I wrote this back in December but never got around to posting it, so here it is:
I had some of my greatest joys and some of my toughest days. Preparing for the Dominican, living there, coming back to this culture.. It changed me considerably. God has been teaching me so much, and honestly at times it’s been quite painful. It’s like the pruning part of growth. There’s no real growth until the pain level is high enough.
While it has been hard, He has continually showed me His goodness and His sheer faithfulness time and time again throughout this year. Confía en Dios is what I’ve learned. Trust in God. Heading to the Dominican, knowing no one, was quite terrifying and exciting at the same time. The Lord has given me a heart for the Dominican and the people there. I saw the Lord’s faithfulness in the support I received to go. Oftentimes I didn’t have the support I needed, would pray and within days have the donations needed. I was nervous to go alone, but He provided me with a great community of friends in the Dominican that I consider family now. He has shown me that there is beauty in brokenness. That when we are at our lowest, He is still there. He has shown me that He is my rock and will always be the one stable thing in my life.
I learned things in the Dominican that I don’t know if I ever could have learned in this materialistic culture of America. I have to practice daily choosing to be content and grateful for what I have instead of continually seeking more. I learned what it was like to live out of a suitcase and loved living so simply. I saw the love of the church in the Dominican in a way I had never previously experienced. I have never felt so welcomed and so at home then I did at Iglesia Bautista Quisqueyana. I learned how to be bold and communicate how I felt and what I believed to the Dominicans in a way I had never needed to before. Talking to people from a different country allowed me the freedom to be who I was and not who they expected me to be. They accepted me for me and valued me because of who I was. Their culture values people in a way that I strive to emulate.
Coming back was difficult though. I’ve written previously about how everything felt foreign. I knew I would have some reverse culture shock, but it completely surpassed what I had expected. When I came back, I thought it was hard because everything felt different: being with my family, friends, being at home, driving my car, having freedom to choose what I wanted to do and eat and what not.. It all felt so weird. But looking back, I think the hardest part for me to accept was myself. While I looked at everything as if it was different, it was me. I was different. I changed.
I think of my life kind of like a snow globe sometimes with its perfectly laid snow laying peacefully at the bottom. Tranquil and settled. Then imagine someone coming, picking it up and shaking it violently. That’s how this year has felt. Like Jesus has taken my calm and comfortable life and shook it up. Like he’s tearing up my foundation to help me be founded in Him and His truth.
I came back and felt lost and confused. Who was I? My whole life I felt like I was this quiet, shy, obedient, submissive rule follower that wanted nothing but to be comfortable and safe, but I came back feeling totally different. I want to go and do things. I want to life to be an adventure. I want to travel the world and see the beauty of nature. I want to follow Him wherever He takes me. I want to go with boldness. I want to live simply, take risks, and enjoy people.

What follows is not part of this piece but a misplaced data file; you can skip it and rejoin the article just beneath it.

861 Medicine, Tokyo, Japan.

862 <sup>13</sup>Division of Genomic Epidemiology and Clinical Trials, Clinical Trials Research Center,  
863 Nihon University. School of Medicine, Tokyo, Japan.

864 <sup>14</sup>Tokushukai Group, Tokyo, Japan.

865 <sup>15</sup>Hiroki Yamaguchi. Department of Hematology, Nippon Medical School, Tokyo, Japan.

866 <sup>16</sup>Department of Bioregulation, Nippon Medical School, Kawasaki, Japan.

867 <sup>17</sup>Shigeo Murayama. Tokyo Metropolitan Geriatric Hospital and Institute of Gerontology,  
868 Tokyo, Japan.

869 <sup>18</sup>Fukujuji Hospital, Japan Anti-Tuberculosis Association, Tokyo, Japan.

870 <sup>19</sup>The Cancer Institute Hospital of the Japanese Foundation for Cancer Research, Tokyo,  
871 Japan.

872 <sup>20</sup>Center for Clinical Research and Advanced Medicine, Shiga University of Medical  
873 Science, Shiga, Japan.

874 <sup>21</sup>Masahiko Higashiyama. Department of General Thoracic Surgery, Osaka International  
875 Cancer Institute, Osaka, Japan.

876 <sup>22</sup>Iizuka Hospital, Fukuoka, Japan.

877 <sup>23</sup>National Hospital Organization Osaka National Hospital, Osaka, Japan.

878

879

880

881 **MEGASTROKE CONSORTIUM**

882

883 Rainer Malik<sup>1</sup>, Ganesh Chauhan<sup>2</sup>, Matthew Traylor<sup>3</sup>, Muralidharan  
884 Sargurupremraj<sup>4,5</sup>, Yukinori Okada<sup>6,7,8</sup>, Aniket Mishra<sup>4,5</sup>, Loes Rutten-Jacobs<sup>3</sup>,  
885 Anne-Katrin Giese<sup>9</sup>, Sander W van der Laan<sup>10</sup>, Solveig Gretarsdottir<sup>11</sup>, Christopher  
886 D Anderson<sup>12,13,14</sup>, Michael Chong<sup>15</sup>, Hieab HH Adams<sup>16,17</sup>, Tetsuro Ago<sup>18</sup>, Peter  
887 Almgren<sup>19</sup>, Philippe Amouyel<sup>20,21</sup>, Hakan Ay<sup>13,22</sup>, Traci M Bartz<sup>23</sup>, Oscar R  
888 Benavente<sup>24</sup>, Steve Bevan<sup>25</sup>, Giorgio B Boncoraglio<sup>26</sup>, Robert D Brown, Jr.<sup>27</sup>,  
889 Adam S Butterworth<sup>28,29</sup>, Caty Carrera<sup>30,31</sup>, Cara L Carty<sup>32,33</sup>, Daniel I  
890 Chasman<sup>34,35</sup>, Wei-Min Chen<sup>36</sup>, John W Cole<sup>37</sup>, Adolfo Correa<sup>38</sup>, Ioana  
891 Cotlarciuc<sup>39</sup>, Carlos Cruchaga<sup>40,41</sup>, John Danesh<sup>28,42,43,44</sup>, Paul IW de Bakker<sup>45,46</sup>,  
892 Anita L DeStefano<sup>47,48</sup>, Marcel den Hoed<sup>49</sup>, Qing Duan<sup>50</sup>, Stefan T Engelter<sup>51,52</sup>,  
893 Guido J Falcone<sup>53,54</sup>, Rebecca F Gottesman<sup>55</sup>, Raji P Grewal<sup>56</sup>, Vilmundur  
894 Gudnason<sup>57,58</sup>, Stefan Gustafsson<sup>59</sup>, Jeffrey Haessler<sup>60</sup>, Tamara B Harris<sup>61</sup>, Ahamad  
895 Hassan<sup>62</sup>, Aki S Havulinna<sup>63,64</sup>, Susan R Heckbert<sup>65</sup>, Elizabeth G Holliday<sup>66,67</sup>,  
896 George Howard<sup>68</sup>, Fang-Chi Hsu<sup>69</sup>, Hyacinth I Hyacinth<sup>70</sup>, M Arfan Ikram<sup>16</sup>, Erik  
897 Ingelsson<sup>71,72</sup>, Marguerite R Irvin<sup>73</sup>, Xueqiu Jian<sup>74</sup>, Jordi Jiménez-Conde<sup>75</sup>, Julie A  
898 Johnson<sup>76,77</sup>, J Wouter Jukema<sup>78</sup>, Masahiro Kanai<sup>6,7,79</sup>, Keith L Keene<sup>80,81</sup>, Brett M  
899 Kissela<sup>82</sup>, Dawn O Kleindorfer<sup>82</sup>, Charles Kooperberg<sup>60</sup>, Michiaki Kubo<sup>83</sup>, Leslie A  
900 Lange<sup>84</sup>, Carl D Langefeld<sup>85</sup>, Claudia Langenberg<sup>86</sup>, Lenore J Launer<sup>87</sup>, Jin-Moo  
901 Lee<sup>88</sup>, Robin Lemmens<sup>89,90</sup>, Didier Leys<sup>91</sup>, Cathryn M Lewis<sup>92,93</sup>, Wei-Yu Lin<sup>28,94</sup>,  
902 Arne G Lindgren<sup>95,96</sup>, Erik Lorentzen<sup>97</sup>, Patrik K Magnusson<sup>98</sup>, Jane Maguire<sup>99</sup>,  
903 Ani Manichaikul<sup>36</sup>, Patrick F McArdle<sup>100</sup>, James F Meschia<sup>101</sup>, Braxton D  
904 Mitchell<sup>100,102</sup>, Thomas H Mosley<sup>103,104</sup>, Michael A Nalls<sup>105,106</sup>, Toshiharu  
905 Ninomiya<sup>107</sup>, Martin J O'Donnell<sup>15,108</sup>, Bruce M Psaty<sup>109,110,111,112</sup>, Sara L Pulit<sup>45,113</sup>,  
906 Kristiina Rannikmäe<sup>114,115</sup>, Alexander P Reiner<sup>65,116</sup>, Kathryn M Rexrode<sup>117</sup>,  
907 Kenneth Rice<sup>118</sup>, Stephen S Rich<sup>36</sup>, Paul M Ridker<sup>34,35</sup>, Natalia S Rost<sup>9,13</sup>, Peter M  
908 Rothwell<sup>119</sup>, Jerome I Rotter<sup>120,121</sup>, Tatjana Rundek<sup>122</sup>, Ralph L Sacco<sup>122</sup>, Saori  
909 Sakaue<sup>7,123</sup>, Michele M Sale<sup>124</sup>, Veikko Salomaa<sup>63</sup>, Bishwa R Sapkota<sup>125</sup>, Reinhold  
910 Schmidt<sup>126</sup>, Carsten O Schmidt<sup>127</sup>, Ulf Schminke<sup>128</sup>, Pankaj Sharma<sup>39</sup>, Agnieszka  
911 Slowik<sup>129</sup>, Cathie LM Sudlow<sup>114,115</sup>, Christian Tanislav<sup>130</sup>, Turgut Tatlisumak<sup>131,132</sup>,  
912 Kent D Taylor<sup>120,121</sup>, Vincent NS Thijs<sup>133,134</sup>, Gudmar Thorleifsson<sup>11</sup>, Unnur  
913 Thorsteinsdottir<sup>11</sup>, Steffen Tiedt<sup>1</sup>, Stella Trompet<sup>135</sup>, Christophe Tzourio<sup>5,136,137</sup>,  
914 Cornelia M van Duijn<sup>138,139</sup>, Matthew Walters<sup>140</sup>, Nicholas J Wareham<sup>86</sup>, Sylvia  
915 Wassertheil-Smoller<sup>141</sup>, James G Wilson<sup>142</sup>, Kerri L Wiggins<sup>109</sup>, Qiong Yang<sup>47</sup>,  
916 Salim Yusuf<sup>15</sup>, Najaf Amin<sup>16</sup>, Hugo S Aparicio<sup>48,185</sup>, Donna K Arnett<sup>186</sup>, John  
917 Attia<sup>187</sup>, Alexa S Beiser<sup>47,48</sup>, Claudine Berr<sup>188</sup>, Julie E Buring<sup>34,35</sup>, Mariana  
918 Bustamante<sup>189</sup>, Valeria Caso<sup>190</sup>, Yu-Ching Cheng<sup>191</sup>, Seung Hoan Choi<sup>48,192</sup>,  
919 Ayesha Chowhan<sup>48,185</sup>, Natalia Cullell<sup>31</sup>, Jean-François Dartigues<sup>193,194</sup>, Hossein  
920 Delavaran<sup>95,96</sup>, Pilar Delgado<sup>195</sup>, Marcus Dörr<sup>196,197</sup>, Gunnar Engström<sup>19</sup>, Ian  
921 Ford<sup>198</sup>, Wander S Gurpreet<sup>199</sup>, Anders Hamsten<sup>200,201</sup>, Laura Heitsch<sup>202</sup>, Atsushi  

The very first week in the Dominican I was talking to Noe, one of the lead missionaries where I was interning (basically my Dominican dad for the summer), and he started telling me about what he was thinking- how all of us American interns would finish the summer and what we would take from it. He told me this quote, that even at the time I thought was quite inciteful: “a missionary never goes home.”
A missionary never goes home.
I figured at the time that he knew what he was talking about, the Dominican would end up keeping a piece of my heart. Even when I first got back that’s what I thought; I would have two homes after coming back.
But as time passed, I realized that I still didn’t feel at home in America. And I wrestled with that a lot. Why? The Dominican felt like home after a couple of weeks, why couldn’t I get back to normal and feel ‘at home’ here in America? I had been back for much longer then I was gone for. Reverse culture shock is a real thing. And it’s hard.
Here’s one thing I learned. Hebrews 11:8 mentions the obedience of Abraham to move to the place he is called to receive as an inheritance. He leaves his homeland with a calling, but without a destination given to him. By faith he lives in the promise land, but it remains foreign to him. “For he was looking forward to the city that has foundations, whose designer and builder is God.” (Hebrews 11:10) This chapter mentions many dominant Biblical characters who live as strangers and exiles on this earth, clearly seeking a better homeland. “They desire a better country, that is, a heavenly one. Therefore God is not ashamed to be called their God, for he has prepared for them a city.” (Hebrews 11:16) Abraham, along with many others, left a civilized life to follow the Lord’s calling. They lived a foreign life because they knew where they were going and what their purposes were.
It was such an encouragement to me to remember, this earth was never meant to be our home. The saying ‘a missionary never goes home’ reigns true for me. Heaven is our home. The closest thing we’ll get to home here is connecting to people through the love of Christ. 2016 was a year full of travel, change, and learning for me. Learning to trust and depend on Him through the trials and joys of life.